Heating can be performed by means of one or several electrical resistors in the form of a wire, a foil or a printed, chemically or physically deposited electrically conductive layer in the receptacle or in the direct vicinity of the receptacle. The heater can be arranged in the dry shaving apparatus as well as in the cleaning device, with the heating element standing in contact with the cleaning fluid either directly or indirectly through a thermal conductor or at least an electricallyinsulating intermediate layer. In another embodiment the receptacle is comprised of an electrically conductive plastic part and thus forms the heating element itself.
It is also conceivable to construct the heating element as an electric heating radiator which heats the cleaning fluid directly or by way of a thermal conductor. In the latter case in particular, the heating radiator is not tied to any one pointof installation.
In another embodiment the heating element is comprised of metal parts in which eddy currents are produced with a high-frequency electric field, which lead in turn to the heating of the metal parts. The metal parts can heat the cleaning fluiddirectly as well as indirectly. Particularly advantageous in this embodiment is the use of the shaving head, particularly the metal cutting parts, as a heating element. If the heating in this embodiment is also used for the subsequent cleaning, adisinfecting effect can be achieved, without any evaporation of the cleaning fluid, by raising the temperature of the metal parts accordingly.
It is also conceivable to use as a heating element one or several chemical substances which enter into an exothermal reaction through contact with each other or with other substances, using the heat thus released for the heating. Depending onthe system selected, the chemical reaction can be started once or several times. Starting several times is particularly easy to perform by adding the second reactant at staggered times. The cleaning fluid itself is advantageously a reactant or aconstituent in which the reaction takes place. It is also possible for the reaction to take place separately from the cleaning fluid and to feed the heat subsequently to the cleaning fluid.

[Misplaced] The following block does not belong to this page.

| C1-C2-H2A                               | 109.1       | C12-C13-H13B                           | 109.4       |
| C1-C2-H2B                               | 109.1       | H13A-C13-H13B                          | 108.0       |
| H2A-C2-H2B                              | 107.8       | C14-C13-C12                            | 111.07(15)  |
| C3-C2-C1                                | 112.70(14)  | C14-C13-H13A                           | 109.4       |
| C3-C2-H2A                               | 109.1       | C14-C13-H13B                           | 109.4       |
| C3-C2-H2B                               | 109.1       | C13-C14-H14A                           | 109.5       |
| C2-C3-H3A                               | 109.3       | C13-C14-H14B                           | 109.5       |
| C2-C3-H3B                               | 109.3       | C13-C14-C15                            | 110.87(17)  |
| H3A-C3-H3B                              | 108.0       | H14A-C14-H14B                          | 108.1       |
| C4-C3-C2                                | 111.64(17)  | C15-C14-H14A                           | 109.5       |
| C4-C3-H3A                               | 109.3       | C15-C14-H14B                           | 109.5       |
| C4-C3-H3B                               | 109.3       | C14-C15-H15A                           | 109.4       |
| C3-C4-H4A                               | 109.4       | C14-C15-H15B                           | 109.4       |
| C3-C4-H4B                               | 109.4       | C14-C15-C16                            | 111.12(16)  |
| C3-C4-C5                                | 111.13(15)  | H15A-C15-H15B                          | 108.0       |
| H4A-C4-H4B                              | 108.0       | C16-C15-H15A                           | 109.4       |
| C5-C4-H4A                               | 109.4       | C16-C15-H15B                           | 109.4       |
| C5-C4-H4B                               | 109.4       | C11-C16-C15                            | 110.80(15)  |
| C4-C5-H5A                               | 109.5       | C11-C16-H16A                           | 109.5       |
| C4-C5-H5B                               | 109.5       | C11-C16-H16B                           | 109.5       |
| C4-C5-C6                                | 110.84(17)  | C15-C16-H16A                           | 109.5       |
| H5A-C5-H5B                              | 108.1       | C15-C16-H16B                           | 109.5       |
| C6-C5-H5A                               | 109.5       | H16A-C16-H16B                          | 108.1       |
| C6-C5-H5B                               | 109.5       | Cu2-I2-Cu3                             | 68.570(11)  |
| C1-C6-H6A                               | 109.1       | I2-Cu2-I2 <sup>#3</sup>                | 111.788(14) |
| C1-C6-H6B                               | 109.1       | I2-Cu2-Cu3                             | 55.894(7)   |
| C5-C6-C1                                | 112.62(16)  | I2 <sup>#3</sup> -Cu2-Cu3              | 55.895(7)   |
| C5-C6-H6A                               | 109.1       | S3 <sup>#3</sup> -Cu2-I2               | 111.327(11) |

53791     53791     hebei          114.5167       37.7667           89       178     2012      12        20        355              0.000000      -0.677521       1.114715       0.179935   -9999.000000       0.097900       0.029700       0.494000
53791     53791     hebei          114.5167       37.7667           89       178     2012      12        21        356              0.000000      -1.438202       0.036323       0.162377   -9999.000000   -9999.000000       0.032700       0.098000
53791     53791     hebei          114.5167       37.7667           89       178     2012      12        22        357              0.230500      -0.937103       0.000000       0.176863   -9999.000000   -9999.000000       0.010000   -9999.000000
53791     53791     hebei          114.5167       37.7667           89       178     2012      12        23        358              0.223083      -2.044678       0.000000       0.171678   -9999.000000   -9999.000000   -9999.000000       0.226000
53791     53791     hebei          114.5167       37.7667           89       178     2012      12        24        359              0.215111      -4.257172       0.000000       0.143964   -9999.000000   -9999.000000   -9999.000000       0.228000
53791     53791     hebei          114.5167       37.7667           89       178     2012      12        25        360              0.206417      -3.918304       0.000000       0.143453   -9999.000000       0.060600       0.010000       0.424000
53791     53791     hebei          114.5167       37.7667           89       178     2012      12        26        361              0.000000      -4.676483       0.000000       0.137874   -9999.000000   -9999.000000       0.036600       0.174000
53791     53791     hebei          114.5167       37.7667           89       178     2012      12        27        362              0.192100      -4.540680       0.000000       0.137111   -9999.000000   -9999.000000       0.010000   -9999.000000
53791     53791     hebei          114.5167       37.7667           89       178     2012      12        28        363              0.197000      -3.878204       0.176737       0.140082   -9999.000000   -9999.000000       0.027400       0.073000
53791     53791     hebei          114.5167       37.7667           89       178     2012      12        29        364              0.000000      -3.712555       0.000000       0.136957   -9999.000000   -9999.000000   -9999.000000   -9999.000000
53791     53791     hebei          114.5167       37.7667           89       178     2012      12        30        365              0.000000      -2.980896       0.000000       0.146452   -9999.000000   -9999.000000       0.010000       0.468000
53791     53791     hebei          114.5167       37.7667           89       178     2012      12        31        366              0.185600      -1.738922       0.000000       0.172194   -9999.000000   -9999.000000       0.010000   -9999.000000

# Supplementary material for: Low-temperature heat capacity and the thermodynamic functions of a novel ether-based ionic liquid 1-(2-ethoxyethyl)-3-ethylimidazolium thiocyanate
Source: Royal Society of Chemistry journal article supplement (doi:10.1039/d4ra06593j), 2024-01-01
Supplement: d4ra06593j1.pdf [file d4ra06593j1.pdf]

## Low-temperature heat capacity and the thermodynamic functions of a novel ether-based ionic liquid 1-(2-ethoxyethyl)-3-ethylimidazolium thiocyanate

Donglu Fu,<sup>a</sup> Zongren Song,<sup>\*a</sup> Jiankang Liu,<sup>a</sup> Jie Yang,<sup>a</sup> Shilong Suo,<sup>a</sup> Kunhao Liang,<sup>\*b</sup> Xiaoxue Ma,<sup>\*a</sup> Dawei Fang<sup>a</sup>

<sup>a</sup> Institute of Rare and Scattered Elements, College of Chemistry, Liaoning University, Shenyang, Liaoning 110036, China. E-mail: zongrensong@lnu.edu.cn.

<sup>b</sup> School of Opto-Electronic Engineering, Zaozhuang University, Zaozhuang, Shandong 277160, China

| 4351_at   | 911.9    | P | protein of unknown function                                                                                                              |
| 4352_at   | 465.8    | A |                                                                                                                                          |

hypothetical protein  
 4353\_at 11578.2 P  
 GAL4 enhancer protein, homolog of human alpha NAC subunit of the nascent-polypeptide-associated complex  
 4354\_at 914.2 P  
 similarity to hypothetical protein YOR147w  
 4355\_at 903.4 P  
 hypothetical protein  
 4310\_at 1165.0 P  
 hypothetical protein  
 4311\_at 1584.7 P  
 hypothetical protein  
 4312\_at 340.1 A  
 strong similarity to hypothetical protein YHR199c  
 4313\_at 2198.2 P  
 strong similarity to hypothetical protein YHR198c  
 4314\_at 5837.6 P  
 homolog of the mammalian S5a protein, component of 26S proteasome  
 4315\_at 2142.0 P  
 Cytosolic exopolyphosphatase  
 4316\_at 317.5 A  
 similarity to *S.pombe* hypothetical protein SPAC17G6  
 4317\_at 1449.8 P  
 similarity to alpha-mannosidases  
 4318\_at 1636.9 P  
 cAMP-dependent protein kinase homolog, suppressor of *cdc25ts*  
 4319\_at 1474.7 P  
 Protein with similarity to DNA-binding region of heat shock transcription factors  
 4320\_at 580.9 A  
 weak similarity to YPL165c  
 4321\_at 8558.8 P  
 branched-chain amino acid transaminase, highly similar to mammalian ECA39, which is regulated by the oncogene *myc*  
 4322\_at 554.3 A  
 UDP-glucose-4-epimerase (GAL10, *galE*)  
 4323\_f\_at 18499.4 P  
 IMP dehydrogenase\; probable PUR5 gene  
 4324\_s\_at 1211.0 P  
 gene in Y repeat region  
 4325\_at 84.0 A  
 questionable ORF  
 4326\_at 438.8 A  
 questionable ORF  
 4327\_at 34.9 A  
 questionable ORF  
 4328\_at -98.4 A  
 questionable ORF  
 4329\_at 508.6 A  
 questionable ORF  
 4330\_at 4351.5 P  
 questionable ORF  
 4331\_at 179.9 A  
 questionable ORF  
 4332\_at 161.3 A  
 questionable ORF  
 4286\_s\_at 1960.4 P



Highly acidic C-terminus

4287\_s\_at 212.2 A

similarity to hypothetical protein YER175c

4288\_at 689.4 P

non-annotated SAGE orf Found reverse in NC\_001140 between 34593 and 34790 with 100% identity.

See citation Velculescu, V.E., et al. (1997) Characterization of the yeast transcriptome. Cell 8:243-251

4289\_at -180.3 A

Suitable devices are provided, preferably a temperature sensor, in order to maintain a predetermined maximum temperature. Particularly suitable is the use of a temperature-responsive resistor as a heating element. In this instance the heatingelement performs the task of the sensor and automatically reduces the heating power when a predetermined temperature is exceeded. Furthermore it is an advantage to select the heating power low enough to reach a temperature that is just about sufficientin the stationary state.
For effective operation of the cleaning device the heating power can be higher at the beginning in order to achieve a fast heating up process. After a certain time or detection of a certain state the heating power is reduced to a sufficient,lower temperature. Advantageously, only one charge of the receptacle with cleaning fluid is heated up each time during the cleaning cycle. The remaining cleaning fluid remains at room temperature, thus enabling a possible subsequent flushing operationto be performed with colder cleaning fluid. The advantage of this is that a fraction of the fat components dislodged by the hot cleaning are evenly distributed again on the parts of the shaving head where they act as a lubricant.
To ensure that the dry shaving apparatus cannot be removed from the cleaning device while a cleaning cycle is in progress, it is advantageous to lock the dry shaving apparatus in the cleaning device. This prevents cleaning fluid from escapingunintentionally when the dry shaving apparatus is removed. In this arrangement, an automatic lock which locks the dry shaving apparatus at the beginning of the cleaning cycle and unlocks it automatically at the end is particularly advantageous. A lockof this type is very convenient as it is performed without any intervention on the user's part.
It is particularly easy for the locking to be implemented hydraulically by means of a reversible pump. When the pump is operated in conveying direction the dry shaving apparatus is locked by suitable locking elements, and when the direction ofrotation of the pump is reversed it is unlocked. If a check valve is arranged in the inlet to the receptacle and if the pressure for actuating the locking elements is less than the pressure to open the check valve, then the circuit for the locking andunlocking can be fluidically connected to the cleaning circuit without this resulting in an impairment of the fluid conveyance for the cleaning. An embodiment of this type has the added advantage that the dry shaving apparatus is first locked beforecleaning fluid is conveyed into the receptacle.
Further objects, features, advantages and application possibilities will become apparent from the description and drawings, and from the claims.
DESCRIPTION OF DRAWINGS
FIG. 1 is a schematic view of the cleaning device;
FIG. 2 is a schematic view of a second embodiment of the cleaning device; and
FIG. 3 is a view of an automatic locking device of the cleaning device.